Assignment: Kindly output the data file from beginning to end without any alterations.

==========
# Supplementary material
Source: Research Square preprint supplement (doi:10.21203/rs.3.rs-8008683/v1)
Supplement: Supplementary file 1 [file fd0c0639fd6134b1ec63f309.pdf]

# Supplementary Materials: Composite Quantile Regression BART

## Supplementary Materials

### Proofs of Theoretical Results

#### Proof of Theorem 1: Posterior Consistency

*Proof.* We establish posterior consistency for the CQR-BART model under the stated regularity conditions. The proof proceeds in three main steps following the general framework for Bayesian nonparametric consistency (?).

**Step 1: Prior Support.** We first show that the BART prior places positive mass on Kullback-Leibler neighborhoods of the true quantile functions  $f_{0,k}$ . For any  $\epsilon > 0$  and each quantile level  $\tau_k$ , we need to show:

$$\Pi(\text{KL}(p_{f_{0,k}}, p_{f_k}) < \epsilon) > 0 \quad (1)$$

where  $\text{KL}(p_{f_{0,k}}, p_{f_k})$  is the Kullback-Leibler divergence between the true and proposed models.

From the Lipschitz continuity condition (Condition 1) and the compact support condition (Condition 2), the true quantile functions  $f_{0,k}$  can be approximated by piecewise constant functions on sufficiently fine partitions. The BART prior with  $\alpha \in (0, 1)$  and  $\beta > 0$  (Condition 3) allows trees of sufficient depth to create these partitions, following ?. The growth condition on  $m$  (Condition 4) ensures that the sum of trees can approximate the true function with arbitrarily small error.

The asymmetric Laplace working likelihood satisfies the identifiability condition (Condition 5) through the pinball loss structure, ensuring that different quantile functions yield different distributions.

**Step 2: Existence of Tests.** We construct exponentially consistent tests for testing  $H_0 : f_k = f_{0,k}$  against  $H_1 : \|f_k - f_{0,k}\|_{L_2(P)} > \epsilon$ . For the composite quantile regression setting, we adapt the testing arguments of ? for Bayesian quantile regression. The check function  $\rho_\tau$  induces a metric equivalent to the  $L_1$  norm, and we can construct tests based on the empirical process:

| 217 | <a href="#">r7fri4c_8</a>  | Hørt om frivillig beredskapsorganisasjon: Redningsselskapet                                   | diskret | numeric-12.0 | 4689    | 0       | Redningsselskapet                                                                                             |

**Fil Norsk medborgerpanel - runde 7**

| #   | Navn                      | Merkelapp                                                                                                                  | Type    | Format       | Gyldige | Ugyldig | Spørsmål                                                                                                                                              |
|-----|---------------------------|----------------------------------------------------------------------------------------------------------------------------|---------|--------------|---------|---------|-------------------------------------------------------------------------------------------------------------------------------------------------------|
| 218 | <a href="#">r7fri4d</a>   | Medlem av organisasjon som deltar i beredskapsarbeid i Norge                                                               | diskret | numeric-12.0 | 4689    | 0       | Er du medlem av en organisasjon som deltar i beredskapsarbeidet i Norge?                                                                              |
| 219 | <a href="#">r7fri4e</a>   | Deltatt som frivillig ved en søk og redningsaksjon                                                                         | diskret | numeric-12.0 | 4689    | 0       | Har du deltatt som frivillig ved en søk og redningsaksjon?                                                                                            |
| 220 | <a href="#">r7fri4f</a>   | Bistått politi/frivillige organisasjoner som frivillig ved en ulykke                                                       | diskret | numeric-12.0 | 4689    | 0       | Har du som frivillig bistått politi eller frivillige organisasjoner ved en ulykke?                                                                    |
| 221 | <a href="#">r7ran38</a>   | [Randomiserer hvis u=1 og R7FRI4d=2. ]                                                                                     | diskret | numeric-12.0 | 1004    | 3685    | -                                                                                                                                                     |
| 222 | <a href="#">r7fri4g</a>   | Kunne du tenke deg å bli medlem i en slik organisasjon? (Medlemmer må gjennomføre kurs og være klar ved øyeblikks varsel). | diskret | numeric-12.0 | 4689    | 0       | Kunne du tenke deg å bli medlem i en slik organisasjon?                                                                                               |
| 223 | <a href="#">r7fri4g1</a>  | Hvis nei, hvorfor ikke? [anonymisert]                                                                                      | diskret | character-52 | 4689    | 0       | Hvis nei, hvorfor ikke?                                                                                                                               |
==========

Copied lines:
# Supplementary material
Source: Research Square preprint supplement (doi:10.21203/rs.3.rs-8008683/v1)
Supplement: Supplementary file 1 [file fd0c0639fd6134b1ec63f309.pdf]

# Supplementary Materials: Composite Quantile Regression BART

## Supplementary Materials

### Proofs of Theoretical Results

#### Proof of Theorem 1: Posterior Consistency

*Proof.* We establish posterior consistency for the CQR-BART model under the stated regularity conditions. The proof proceeds in three main steps following the general framework for Bayesian nonparametric consistency (?).

**Step 1: Prior Support.** We first show that the BART prior places positive mass on Kullback-Leibler neighborhoods of the true quantile functions  $f_{0,k}$ . For any  $\epsilon > 0$  and each quantile level  $\tau_k$ , we need to show:

$$\Pi(\text{KL}(p_{f_{0,k}}, p_{f_k}) < \epsilon) > 0 \quad (1)$$

where  $\text{KL}(p_{f_{0,k}}, p_{f_k})$  is the Kullback-Leibler divergence between the true and proposed models.

From the Lipschitz continuity condition (Condition 1) and the compact support condition (Condition 2), the true quantile functions  $f_{0,k}$  can be approximated by piecewise constant functions on sufficiently fine partitions. The BART prior with  $\alpha \in (0, 1)$  and  $\beta > 0$  (Condition 3) allows trees of sufficient depth to create these partitions, following ?. The growth condition on  $m$  (Condition 4) ensures that the sum of trees can approximate the true function with arbitrarily small error.

The asymmetric Laplace working likelihood satisfies the identifiability condition (Condition 5) through the pinball loss structure, ensuring that different quantile functions yield different distributions.

**Step 2: Existence of Tests.** We construct exponentially consistent tests for testing  $H_0 : f_k = f_{0,k}$  against  $H_1 : \|f_k - f_{0,k}\|_{L_2(P)} > \epsilon$ . For the composite quantile regression setting, we adapt the testing arguments of ? for Bayesian quantile regression. The check function  $\rho_\tau$  induces a metric equivalent to the  $L_1$  norm, and we can construct tests based on the empirical process:

| 217 | <a href="#">r7fri4c_8</a>  | Hørt om frivillig beredskapsorganisasjon: Redningsselskapet                                   | diskret | numeric-12.0 | 4689    | 0       | Redningsselskapet                                                                                             |

**Fil Norsk medborgerpanel - runde 7**

| #   | Navn                      | Merkelapp                                                                                                                  | Type    | Format       | Gyldige | Ugyldig | Spørsmål                                                                                                                                              |
|-----|---------------------------|----------------------------------------------------------------------------------------------------------------------------|---------|--------------|---------|---------|-------------------------------------------------------------------------------------------------------------------------------------------------------|
| 218 | <a href="#">r7fri4d</a>   | Medlem av organisasjon som deltar i beredskapsarbeid i Norge                                                               | diskret | numeric-12.0 | 4689    | 0       | Er du medlem av en organisasjon som deltar i beredskapsarbeidet i Norge?                                                                              |
| 219 | <a href="#">r7fri4e</a>   | Deltatt som frivillig ved en søk og redningsaksjon                                                                         | diskret | numeric-12.0 | 4689    | 0       | Har du deltatt som frivillig ved en søk og redningsaksjon?                                                                                            |
| 220 | <a href="#">r7fri4f</a>   | Bistått politi/frivillige organisasjoner som frivillig ved en ulykke                                                       | diskret | numeric-12.0 | 4689    | 0       | Har du som frivillig bistått politi eller frivillige organisasjoner ved en ulykke?                                                                    |
| 221 | <a href="#">r7ran38</a>   | [Randomiserer hvis u=1 og R7FRI4d=2. ]                                                                                     | diskret | numeric-12.0 | 1004    | 3685    | -                                                                                                                                                     |
| 222 | <a href="#">r7fri4g</a>   | Kunne du tenke deg å bli medlem i en slik organisasjon? (Medlemmer må gjennomføre kurs og være klar ved øyeblikks varsel). | diskret | numeric-12.0 | 4689    | 0       | Kunne du tenke deg å bli medlem i en slik organisasjon?                                                                                               |
| 223 | <a href="#">r7fri4g1</a>  | Hvis nei, hvorfor ikke? [anonymisert]                                                                                      | diskret | character-52 | 4689    | 0       | Hvis nei, hvorfor ikke?                                                                                                                               |